The policy-making community is at the epicenter of a heated debate that may seem irrelevant and confusing to the general public: What is the real inflation rate in the United States and will it continue to rise? As long as the topic is fresh, its solution is crucial. Depending on the answer, the cost of mortgages could rise, stock prices could become more volatile, and the recent boom in the US economy could slow significantly. Politicians, economists, and financial analysts will certainly be watching the data come in closely.
Let's start with some facts. Inflation was around 3.1 percent year-on-year through April 2021, with a 2% aspirational target over the long term, allowing for periods when the rate is slightly higher and offsetting times when it is slightly lower. Polls show that consumers expect inflation to be around 3 percent, slightly above public expectations of around 2.5 percent that have prevailed for a long time.
Many economists outside the Federal Reserve argue that inflation is much higher than the statistics suggest, and that these higher rates are likely to last longer than the Fed claims. While Federal Reserve policymakers seem to believe inflation will average around 2.5 percent this year and then decline, other economists believe inflation could rise to 4 percent and possibly even higher in the next. some years. These observers fear that the Fed is "lagging behind the curve" and will have to sharply raise rates to contain inflation, which could lead to turmoil in financial markets and, possibly, in the US economy as a whole.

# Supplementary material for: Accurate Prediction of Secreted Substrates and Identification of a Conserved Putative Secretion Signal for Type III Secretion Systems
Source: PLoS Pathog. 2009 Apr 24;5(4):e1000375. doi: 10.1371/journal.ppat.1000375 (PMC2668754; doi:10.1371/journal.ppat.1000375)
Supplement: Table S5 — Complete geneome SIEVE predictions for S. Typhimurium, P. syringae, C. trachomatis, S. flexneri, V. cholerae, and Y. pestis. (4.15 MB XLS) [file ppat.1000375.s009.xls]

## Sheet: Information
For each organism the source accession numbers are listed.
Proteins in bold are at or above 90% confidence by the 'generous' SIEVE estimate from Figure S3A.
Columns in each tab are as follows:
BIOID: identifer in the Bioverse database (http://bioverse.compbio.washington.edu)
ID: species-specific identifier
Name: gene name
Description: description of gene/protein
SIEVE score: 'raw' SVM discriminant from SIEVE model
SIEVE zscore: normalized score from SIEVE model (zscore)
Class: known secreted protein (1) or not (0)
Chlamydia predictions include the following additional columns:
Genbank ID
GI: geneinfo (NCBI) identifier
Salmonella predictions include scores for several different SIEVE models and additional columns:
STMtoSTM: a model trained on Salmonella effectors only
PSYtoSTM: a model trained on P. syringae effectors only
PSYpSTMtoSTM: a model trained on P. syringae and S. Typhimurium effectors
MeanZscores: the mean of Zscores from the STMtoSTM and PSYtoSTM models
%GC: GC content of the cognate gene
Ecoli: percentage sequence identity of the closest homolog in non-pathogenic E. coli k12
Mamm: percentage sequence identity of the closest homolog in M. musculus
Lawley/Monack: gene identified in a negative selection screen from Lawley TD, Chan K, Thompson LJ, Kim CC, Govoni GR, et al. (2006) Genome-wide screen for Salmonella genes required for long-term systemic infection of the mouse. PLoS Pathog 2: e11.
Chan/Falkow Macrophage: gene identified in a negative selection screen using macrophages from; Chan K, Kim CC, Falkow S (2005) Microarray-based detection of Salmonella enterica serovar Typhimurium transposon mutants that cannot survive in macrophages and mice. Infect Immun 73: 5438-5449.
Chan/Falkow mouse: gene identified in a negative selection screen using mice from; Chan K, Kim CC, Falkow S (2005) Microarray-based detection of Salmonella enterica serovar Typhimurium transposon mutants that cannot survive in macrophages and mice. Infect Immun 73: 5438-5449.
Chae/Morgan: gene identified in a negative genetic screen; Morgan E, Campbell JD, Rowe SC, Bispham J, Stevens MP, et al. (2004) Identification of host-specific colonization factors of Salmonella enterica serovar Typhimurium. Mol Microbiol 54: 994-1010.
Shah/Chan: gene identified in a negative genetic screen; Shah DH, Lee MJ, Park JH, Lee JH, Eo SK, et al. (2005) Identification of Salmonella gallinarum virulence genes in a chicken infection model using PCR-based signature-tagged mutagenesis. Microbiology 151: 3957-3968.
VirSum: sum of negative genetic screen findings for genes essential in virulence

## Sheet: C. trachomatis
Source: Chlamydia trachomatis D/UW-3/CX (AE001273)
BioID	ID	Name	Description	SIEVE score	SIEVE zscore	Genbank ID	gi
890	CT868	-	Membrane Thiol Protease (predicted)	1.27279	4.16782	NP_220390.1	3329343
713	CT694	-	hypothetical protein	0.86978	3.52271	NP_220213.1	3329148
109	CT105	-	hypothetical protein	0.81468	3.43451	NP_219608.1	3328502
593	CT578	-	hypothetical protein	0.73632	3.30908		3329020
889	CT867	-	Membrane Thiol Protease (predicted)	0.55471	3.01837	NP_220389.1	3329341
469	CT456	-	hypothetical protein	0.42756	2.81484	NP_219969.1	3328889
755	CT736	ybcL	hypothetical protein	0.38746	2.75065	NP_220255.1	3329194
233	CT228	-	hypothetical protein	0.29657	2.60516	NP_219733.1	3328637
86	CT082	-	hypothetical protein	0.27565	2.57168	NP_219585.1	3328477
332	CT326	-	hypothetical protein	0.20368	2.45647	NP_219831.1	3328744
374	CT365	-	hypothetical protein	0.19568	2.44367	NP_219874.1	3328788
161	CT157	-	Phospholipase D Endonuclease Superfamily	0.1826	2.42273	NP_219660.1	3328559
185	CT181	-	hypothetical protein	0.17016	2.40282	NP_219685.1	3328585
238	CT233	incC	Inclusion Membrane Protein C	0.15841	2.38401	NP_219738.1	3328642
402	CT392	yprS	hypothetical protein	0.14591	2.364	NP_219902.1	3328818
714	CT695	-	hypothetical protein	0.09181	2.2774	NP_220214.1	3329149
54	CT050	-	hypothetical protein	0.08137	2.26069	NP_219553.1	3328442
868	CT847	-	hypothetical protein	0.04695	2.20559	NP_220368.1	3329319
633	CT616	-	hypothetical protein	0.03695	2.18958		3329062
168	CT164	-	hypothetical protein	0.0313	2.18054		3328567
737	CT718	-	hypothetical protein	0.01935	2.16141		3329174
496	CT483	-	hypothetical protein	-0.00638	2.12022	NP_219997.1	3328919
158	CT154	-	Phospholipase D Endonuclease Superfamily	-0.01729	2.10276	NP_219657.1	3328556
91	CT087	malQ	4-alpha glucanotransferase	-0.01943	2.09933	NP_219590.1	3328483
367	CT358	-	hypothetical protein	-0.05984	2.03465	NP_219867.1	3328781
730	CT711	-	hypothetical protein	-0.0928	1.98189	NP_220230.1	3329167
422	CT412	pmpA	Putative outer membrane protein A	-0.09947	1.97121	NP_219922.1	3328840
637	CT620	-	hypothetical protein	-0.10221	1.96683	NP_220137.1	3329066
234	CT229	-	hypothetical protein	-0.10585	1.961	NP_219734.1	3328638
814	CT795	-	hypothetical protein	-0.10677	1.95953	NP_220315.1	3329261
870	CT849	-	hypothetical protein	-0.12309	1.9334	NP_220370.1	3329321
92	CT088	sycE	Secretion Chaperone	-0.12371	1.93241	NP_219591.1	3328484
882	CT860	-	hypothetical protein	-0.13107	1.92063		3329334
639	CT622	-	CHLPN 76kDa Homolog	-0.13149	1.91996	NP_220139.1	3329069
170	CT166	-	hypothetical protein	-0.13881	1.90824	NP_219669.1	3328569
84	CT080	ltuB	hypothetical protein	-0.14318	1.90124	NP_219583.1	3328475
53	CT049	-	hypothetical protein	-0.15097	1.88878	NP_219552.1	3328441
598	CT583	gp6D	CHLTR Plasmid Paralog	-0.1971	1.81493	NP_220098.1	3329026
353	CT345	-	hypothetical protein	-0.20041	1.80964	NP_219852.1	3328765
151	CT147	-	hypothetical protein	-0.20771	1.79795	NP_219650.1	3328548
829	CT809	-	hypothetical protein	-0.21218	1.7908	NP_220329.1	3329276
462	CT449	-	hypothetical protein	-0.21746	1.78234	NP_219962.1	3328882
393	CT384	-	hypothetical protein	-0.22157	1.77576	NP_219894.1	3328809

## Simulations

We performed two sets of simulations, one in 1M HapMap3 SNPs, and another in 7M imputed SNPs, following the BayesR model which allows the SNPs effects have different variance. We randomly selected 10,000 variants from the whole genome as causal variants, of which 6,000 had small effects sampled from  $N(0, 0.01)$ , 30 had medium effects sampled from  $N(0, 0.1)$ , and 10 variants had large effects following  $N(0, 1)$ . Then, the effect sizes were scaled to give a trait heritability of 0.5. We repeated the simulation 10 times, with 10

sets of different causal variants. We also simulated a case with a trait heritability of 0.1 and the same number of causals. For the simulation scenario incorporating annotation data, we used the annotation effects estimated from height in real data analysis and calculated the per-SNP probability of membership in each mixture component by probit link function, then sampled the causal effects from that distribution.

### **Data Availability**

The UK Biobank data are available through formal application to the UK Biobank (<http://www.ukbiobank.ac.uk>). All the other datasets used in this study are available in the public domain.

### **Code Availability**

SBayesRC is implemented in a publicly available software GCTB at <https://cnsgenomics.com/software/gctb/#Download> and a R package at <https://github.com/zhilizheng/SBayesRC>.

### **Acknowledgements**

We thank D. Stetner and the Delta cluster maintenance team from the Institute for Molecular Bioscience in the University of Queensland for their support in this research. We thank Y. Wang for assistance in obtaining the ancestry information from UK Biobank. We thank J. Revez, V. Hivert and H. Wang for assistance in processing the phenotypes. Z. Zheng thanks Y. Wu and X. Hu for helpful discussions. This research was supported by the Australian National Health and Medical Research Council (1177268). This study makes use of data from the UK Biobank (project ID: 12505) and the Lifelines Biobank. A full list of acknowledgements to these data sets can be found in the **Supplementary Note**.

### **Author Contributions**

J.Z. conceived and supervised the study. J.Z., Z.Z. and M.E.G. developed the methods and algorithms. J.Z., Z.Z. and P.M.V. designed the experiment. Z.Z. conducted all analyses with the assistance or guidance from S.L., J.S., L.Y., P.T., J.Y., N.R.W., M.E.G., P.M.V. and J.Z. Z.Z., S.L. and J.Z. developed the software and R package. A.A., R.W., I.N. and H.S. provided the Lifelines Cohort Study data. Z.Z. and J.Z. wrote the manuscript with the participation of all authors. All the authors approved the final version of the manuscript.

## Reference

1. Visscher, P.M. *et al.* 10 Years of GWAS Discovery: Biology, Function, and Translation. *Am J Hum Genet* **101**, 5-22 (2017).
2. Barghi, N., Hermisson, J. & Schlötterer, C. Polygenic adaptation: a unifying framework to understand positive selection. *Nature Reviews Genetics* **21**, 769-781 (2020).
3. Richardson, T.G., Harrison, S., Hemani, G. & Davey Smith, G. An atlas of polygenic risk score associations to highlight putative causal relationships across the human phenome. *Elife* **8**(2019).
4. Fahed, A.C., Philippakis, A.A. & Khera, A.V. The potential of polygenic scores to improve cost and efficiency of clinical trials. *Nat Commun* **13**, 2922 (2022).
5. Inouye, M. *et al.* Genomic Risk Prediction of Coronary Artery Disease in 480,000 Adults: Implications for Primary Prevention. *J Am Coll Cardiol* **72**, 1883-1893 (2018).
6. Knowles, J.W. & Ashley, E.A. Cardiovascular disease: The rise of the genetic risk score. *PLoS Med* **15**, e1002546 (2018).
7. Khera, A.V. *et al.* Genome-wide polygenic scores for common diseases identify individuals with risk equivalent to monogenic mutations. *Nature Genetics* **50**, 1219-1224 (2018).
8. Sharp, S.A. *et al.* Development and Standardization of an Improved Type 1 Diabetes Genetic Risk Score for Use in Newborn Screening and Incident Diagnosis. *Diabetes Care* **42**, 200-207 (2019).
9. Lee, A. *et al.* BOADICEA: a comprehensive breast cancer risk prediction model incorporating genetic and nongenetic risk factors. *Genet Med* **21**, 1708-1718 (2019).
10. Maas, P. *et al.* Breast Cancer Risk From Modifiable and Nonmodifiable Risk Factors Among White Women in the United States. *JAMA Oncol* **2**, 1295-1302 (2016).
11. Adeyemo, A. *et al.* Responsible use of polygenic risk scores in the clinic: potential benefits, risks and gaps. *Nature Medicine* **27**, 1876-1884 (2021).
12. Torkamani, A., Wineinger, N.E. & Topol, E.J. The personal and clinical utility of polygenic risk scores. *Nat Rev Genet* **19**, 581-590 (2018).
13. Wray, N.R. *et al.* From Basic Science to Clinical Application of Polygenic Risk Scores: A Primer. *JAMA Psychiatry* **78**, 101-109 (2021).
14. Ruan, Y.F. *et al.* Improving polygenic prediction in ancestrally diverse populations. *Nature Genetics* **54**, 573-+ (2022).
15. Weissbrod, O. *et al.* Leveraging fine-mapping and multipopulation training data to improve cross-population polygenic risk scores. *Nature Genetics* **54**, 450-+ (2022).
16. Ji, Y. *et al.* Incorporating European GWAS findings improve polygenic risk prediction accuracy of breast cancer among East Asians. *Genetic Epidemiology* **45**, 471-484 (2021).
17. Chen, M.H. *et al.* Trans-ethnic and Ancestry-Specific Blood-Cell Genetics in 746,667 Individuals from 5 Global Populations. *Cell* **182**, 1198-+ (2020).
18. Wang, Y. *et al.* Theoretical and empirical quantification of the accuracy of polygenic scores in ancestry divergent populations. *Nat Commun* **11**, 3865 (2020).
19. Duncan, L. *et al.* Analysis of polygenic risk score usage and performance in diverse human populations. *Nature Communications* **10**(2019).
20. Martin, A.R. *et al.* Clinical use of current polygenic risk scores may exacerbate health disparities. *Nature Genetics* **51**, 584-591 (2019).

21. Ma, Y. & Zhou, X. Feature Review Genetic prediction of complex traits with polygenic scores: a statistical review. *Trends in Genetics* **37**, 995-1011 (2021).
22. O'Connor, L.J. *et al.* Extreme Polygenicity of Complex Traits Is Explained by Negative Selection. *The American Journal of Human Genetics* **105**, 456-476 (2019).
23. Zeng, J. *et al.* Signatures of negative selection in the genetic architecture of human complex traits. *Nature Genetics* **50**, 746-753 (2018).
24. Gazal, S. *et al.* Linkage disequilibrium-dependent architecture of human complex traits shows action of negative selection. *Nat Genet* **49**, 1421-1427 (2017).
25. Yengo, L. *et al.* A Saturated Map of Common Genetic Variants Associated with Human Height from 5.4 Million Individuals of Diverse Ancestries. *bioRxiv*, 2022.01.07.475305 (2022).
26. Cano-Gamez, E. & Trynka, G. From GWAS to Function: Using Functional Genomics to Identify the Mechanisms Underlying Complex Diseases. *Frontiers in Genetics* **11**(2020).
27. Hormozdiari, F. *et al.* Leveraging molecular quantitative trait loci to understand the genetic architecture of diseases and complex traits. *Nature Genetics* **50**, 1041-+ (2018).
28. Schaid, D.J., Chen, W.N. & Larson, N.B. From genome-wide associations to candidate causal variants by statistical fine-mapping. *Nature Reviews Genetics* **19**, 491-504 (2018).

These concerned thinkers make several arguments. First, they argue that the Fed's measurement tools do not accurately reflect what consumers are buying. They worry that as the economy recovers, consumers are increasing spending on certain goods and services, such as gasoline, travel and hospitality, where prices are rising faster than in the economy as a whole. In short, official statistics underestimate real inflation. As the price increases become so palpable, they will force consumers to expect even higher inflation and therefore demand higher wages, thereby triggering a vicious spiral.
Finally, critics argue that the level of government incentives and the cash available to consumers in the form of savings, government support checks, and wage increases mean that demand will drive prices up (i.e., inflation) for years to come.
The bottom line is that there is no consensus on the trajectory of inflation in the United States over the next few years. With such a wide range of potential outcomes, each backed by reasoned analysis, the entire economic community, including policymakers within the Federal Reserve itself, must be on high alert.
If the Federal Reserve is wrong to think that the current rise in inflation is temporary, and if its critics are correct that the Fed is lagging behind the curve, the rest of the world will not be left unscathed. The rapid rise in US interest rates will make the US dollar more attractive compared to other currencies. In turn, other countries, especially emerging economies, are likely to experience rapid capital outflows back to the US markets as investors seek higher returns. Such capital outflows are likely to lead to financial market instability in these countries, with an increased risk of rising interest rates, slowing growth and even recession.